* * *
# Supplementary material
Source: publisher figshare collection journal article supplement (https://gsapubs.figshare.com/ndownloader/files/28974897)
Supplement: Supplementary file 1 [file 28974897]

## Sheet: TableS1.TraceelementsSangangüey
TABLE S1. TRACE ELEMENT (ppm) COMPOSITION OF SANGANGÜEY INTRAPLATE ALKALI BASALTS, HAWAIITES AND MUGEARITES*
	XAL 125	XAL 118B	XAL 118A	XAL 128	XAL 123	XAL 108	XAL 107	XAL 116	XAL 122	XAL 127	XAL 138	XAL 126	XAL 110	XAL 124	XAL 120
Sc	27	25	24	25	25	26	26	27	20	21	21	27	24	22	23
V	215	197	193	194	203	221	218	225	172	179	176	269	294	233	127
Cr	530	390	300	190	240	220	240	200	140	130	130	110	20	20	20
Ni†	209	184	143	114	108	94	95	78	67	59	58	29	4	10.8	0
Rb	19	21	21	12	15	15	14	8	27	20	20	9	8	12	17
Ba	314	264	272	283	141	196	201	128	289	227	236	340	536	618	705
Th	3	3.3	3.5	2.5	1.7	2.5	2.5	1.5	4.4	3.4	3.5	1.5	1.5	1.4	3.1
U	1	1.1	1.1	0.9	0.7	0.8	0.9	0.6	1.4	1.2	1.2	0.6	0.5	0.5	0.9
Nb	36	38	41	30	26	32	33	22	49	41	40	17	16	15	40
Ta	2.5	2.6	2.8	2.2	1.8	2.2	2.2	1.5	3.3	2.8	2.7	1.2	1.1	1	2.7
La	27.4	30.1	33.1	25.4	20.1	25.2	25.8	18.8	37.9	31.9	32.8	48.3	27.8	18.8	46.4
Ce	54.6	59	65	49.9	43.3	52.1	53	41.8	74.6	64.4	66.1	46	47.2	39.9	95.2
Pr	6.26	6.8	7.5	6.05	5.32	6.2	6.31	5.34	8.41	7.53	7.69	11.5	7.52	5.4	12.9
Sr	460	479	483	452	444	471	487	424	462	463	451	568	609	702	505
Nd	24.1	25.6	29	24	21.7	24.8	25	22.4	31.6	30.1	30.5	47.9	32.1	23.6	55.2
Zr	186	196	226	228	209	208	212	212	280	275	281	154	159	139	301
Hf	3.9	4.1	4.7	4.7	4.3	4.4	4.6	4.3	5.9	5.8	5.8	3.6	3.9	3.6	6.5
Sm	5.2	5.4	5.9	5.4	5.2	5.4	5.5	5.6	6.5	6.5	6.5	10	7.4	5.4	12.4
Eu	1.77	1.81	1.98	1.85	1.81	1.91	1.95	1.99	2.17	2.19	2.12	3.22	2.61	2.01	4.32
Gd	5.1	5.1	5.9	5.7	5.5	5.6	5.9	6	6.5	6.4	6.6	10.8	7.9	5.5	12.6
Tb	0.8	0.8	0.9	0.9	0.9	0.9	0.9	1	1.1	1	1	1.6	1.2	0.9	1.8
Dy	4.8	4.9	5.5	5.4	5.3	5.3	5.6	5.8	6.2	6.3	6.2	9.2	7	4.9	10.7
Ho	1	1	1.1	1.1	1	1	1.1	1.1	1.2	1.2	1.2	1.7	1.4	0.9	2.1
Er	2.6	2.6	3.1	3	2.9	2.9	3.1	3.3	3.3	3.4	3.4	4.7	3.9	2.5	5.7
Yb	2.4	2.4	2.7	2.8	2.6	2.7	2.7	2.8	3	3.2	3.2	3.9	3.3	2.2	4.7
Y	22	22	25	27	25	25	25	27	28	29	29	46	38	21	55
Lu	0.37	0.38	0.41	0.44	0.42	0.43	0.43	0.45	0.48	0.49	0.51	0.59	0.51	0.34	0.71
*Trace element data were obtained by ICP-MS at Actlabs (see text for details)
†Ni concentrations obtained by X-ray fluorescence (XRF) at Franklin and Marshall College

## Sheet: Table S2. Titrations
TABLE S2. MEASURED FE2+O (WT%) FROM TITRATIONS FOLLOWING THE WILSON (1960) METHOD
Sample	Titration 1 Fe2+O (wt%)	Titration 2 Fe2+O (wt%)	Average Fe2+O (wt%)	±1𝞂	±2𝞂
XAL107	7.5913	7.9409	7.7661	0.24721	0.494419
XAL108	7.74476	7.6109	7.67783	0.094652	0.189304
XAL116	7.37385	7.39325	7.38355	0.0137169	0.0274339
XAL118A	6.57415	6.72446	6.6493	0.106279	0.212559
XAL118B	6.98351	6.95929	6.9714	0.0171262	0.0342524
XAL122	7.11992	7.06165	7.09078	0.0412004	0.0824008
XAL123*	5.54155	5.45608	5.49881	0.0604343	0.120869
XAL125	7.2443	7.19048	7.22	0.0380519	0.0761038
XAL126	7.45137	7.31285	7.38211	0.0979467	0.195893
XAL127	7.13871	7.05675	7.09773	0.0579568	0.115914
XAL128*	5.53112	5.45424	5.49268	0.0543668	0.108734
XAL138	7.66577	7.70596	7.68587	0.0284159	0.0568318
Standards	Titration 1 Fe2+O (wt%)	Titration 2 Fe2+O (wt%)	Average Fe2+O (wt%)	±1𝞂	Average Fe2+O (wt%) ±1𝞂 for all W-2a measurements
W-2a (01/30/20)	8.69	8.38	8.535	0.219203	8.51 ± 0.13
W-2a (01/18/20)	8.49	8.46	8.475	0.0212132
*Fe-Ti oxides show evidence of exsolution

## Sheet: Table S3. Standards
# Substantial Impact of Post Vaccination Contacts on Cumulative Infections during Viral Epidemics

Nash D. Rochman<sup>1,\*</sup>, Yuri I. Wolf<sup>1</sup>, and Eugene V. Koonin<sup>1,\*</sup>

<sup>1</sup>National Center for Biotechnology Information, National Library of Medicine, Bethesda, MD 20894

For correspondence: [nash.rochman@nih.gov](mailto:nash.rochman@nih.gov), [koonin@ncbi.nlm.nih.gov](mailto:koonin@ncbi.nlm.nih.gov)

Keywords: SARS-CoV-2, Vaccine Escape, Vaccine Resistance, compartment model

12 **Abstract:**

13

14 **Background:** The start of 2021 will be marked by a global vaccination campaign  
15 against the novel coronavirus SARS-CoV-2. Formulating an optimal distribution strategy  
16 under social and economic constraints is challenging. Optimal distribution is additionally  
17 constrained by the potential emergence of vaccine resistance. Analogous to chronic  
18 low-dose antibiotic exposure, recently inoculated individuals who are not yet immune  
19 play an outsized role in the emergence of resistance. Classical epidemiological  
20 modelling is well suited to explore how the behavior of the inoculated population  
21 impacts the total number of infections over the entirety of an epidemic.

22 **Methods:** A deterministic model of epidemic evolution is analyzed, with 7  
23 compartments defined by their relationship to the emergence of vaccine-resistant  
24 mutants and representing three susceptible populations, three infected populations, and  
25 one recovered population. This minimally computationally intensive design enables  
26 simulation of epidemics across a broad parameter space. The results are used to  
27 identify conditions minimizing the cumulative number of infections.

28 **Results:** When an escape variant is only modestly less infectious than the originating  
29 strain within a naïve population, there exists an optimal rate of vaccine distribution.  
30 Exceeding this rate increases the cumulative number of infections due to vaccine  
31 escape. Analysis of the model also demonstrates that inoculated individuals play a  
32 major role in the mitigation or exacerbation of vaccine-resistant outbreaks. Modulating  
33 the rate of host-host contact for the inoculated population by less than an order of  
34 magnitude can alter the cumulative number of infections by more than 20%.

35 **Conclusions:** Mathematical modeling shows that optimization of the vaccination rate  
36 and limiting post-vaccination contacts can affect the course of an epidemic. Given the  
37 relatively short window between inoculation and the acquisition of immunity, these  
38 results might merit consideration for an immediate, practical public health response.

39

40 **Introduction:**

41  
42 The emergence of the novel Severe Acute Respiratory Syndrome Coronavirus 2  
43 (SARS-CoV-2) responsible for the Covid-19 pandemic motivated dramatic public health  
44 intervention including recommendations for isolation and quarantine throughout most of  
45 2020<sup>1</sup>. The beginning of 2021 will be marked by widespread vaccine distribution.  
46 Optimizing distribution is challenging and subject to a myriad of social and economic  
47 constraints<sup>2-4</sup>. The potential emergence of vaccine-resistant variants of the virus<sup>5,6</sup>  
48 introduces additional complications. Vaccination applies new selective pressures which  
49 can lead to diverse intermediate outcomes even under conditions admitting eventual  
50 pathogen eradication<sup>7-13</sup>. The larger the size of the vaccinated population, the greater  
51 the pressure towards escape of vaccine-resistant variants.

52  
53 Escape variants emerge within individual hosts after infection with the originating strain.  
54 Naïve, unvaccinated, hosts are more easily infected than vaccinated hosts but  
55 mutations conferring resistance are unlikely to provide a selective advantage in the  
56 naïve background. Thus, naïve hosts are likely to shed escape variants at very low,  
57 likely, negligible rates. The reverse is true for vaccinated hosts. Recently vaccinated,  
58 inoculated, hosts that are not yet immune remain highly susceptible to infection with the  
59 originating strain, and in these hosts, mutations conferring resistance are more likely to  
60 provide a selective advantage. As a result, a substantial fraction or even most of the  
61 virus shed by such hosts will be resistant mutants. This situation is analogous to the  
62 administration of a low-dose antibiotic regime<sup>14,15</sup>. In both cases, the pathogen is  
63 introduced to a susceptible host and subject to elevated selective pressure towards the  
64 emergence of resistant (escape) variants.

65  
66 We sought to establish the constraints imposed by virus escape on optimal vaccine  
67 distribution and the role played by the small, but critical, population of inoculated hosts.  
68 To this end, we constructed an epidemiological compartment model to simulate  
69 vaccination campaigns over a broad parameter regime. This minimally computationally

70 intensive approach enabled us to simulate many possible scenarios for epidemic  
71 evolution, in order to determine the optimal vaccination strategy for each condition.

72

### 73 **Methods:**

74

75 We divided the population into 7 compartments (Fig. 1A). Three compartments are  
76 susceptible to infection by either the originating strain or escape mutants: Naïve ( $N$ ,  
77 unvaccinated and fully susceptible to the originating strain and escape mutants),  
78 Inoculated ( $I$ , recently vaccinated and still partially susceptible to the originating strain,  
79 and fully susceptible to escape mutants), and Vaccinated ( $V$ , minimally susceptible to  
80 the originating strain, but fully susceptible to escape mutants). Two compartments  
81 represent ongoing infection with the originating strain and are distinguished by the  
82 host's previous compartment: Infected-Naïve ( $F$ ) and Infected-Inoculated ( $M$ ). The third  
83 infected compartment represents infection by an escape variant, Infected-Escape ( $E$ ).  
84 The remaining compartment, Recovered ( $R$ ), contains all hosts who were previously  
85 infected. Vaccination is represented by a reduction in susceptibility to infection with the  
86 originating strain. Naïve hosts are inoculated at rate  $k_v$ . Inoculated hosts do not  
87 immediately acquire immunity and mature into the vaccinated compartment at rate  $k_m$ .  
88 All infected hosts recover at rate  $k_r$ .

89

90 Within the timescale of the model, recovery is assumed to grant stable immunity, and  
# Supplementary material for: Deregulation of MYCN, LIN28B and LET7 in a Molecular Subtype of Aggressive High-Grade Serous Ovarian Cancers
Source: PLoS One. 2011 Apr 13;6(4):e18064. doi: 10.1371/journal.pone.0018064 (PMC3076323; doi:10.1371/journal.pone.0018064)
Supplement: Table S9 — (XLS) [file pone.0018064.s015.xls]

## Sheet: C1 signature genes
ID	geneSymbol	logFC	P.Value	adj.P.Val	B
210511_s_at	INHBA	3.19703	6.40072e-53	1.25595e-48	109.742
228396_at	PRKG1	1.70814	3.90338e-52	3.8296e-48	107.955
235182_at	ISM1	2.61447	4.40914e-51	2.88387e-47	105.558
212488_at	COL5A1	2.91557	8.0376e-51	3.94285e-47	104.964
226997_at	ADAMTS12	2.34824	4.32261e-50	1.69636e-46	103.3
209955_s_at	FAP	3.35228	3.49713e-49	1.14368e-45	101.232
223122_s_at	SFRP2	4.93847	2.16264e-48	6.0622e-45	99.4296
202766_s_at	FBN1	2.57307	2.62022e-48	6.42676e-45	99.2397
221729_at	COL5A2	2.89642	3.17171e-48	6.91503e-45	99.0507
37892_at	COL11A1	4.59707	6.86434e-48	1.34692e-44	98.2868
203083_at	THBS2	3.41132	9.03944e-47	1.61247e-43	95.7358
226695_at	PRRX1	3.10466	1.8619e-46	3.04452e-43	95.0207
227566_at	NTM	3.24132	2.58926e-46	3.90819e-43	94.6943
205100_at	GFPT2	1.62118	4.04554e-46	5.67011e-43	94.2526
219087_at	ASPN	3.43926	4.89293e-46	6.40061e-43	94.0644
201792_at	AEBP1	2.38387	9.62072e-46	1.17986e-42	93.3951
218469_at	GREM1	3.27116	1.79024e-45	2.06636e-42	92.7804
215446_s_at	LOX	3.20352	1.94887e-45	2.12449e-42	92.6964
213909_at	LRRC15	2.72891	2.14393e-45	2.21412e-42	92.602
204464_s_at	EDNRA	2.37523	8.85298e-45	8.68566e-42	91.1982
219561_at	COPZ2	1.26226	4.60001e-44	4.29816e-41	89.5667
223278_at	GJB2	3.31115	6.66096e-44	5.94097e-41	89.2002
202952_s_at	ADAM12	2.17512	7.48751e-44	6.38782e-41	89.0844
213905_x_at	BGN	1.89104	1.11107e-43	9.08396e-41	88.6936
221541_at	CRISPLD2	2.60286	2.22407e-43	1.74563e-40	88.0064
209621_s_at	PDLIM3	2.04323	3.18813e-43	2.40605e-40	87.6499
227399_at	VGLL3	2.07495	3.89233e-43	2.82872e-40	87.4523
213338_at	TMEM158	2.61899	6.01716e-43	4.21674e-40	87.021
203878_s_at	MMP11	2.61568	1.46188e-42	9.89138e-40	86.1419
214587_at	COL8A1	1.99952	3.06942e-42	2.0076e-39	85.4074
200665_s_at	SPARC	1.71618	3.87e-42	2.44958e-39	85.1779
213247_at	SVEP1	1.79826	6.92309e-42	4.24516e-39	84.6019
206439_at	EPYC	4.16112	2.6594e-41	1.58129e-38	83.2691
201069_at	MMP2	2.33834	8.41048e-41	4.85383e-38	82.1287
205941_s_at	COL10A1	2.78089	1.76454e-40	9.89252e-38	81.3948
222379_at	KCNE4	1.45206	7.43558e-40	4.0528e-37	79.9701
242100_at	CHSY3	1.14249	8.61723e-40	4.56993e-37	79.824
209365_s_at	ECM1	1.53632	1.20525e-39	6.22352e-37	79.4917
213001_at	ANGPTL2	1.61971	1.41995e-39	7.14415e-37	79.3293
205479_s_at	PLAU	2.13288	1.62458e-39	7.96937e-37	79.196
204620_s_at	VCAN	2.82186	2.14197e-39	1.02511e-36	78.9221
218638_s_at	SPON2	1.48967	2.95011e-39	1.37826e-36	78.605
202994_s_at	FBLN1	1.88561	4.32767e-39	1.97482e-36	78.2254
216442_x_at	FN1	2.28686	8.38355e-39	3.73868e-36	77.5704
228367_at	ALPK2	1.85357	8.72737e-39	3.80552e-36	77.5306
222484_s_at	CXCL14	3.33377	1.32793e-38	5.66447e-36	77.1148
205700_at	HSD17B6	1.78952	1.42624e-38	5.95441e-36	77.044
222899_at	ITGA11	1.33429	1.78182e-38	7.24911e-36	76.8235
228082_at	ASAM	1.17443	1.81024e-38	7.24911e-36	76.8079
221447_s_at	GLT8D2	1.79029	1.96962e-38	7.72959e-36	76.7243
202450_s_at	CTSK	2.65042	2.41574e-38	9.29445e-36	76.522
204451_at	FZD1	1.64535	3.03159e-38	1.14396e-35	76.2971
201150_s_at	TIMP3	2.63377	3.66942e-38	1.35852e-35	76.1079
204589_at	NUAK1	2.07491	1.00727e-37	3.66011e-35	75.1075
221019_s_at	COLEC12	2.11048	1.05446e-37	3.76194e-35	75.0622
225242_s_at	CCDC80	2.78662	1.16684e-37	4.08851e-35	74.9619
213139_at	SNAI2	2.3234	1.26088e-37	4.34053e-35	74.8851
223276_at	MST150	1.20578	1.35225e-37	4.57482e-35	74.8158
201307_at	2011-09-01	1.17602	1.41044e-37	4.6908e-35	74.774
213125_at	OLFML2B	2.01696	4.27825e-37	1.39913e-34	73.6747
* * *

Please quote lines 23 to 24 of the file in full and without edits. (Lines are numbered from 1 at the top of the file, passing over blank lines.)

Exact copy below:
Hf	3.9	4.1	4.7	4.7	4.3	4.4	4.6	4.3	5.9	5.8	5.8	3.6	3.9	3.6	6.5
Sm	5.2	5.4	5.9	5.4	5.2	5.4	5.5	5.6	6.5	6.5	6.5	10	7.4	5.4	12.4